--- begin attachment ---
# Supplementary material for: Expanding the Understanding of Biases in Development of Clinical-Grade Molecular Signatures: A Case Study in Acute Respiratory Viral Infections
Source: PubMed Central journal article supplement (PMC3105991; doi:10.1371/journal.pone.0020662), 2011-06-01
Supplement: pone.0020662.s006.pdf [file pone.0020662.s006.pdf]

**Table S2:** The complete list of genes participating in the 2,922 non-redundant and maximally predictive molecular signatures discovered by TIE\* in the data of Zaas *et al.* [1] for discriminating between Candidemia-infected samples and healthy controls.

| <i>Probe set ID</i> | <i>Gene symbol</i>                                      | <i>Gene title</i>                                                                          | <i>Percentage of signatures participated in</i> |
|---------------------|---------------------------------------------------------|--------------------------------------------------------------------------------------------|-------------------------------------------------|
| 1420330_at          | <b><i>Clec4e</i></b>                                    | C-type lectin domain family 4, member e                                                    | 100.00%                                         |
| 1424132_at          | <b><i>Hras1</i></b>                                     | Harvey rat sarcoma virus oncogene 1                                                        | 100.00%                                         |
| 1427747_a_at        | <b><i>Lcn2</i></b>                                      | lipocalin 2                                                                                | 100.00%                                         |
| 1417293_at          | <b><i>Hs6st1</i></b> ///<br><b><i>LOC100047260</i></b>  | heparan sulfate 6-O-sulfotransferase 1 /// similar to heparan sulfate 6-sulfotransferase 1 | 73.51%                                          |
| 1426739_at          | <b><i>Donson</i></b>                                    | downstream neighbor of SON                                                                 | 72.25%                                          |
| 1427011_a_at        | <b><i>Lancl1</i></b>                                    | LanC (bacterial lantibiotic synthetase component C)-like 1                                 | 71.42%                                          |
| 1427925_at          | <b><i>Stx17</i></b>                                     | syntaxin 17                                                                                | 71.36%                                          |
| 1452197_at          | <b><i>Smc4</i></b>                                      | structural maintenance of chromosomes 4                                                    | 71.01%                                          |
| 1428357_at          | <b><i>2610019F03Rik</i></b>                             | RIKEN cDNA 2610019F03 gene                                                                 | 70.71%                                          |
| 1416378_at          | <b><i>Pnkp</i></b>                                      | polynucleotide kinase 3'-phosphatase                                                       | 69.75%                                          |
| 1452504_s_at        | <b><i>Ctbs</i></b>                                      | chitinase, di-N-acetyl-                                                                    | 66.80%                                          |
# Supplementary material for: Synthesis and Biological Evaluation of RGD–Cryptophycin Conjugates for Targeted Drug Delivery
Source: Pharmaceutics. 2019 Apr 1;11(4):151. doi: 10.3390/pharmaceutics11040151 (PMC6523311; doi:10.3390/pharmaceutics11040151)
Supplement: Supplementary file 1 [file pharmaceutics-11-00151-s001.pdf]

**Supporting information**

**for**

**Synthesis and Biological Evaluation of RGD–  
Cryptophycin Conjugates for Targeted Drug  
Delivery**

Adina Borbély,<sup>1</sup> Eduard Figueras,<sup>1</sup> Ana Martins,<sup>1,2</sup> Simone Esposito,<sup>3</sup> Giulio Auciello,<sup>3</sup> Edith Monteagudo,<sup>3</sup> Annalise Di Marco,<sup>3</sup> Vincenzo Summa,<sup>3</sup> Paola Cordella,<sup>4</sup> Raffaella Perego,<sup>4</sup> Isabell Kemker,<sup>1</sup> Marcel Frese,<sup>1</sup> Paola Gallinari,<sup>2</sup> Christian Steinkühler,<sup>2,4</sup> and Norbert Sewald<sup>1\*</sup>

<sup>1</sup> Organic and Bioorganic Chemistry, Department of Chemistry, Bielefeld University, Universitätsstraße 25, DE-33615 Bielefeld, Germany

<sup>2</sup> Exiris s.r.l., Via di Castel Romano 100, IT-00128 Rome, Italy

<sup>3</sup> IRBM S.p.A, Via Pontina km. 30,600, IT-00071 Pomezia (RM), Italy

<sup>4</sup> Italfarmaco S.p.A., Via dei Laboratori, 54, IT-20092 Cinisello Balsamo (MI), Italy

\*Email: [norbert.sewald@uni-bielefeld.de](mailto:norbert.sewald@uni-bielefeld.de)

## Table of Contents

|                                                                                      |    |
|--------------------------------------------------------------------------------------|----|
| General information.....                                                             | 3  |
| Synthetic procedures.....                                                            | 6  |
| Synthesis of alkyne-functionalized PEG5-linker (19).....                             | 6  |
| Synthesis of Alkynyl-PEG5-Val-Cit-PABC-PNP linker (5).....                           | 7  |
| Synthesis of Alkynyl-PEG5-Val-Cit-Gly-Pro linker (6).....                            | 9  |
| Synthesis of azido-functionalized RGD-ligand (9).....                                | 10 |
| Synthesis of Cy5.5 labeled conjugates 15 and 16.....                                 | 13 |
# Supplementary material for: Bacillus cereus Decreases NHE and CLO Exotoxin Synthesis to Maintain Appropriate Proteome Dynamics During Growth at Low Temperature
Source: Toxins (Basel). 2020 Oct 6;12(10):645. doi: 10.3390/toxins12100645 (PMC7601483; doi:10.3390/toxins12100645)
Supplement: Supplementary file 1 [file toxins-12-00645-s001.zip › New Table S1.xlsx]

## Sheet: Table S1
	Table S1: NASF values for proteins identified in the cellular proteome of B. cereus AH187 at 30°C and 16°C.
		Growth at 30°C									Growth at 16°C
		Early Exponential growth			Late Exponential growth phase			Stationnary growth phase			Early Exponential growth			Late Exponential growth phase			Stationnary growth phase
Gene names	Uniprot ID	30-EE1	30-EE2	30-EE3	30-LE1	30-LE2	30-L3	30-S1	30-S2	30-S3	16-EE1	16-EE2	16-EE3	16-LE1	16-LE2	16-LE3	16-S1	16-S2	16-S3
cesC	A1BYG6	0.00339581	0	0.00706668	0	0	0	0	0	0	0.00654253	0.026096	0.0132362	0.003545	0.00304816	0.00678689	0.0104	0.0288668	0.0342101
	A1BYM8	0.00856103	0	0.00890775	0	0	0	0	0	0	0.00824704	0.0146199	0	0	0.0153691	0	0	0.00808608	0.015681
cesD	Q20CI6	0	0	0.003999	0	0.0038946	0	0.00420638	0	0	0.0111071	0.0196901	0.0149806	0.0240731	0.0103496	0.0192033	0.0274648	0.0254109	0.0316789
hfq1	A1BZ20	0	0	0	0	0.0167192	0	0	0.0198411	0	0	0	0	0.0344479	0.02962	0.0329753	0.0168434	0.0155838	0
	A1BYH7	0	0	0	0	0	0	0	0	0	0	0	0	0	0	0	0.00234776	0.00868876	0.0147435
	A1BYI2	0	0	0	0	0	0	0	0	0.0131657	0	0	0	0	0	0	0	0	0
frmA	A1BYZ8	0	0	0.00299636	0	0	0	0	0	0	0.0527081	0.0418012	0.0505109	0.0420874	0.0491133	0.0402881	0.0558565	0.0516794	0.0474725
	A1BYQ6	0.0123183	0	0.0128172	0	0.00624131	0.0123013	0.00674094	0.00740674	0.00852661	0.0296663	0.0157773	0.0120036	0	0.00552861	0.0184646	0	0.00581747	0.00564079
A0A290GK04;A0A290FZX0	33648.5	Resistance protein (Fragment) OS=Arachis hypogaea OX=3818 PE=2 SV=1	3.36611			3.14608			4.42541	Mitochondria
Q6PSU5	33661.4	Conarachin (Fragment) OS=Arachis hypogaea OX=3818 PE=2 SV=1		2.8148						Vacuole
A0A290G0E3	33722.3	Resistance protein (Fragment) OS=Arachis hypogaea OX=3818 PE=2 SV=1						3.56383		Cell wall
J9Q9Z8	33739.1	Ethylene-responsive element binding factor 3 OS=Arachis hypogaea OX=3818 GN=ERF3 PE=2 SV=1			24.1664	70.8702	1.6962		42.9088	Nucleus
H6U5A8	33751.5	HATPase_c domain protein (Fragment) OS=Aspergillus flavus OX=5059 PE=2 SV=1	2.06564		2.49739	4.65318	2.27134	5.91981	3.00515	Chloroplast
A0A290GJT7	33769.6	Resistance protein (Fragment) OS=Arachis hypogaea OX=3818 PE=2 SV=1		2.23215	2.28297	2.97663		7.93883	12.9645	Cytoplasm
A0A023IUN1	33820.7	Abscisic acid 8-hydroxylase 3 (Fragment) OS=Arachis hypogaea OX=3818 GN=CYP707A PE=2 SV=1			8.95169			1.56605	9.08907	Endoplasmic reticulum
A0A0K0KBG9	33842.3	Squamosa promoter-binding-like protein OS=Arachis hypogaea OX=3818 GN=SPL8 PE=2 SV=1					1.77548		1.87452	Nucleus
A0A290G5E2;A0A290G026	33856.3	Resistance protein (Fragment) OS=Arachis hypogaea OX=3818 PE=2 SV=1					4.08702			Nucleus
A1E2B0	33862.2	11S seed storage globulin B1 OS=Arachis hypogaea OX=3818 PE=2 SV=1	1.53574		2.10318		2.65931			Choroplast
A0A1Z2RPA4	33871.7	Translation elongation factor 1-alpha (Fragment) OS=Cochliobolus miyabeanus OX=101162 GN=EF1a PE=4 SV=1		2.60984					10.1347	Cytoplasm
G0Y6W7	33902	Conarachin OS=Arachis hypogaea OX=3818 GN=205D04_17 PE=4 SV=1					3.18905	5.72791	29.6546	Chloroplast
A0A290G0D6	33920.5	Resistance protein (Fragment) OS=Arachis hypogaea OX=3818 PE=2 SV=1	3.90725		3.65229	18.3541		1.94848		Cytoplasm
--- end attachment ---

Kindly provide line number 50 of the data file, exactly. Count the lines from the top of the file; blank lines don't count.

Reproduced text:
cesC	A1BYG6	0.00339581	0	0.00706668	0	0	0	0	0	0	0.00654253	0.026096	0.0132362	0.003545	0.00304816	0.00678689	0.0104	0.0288668	0.0342101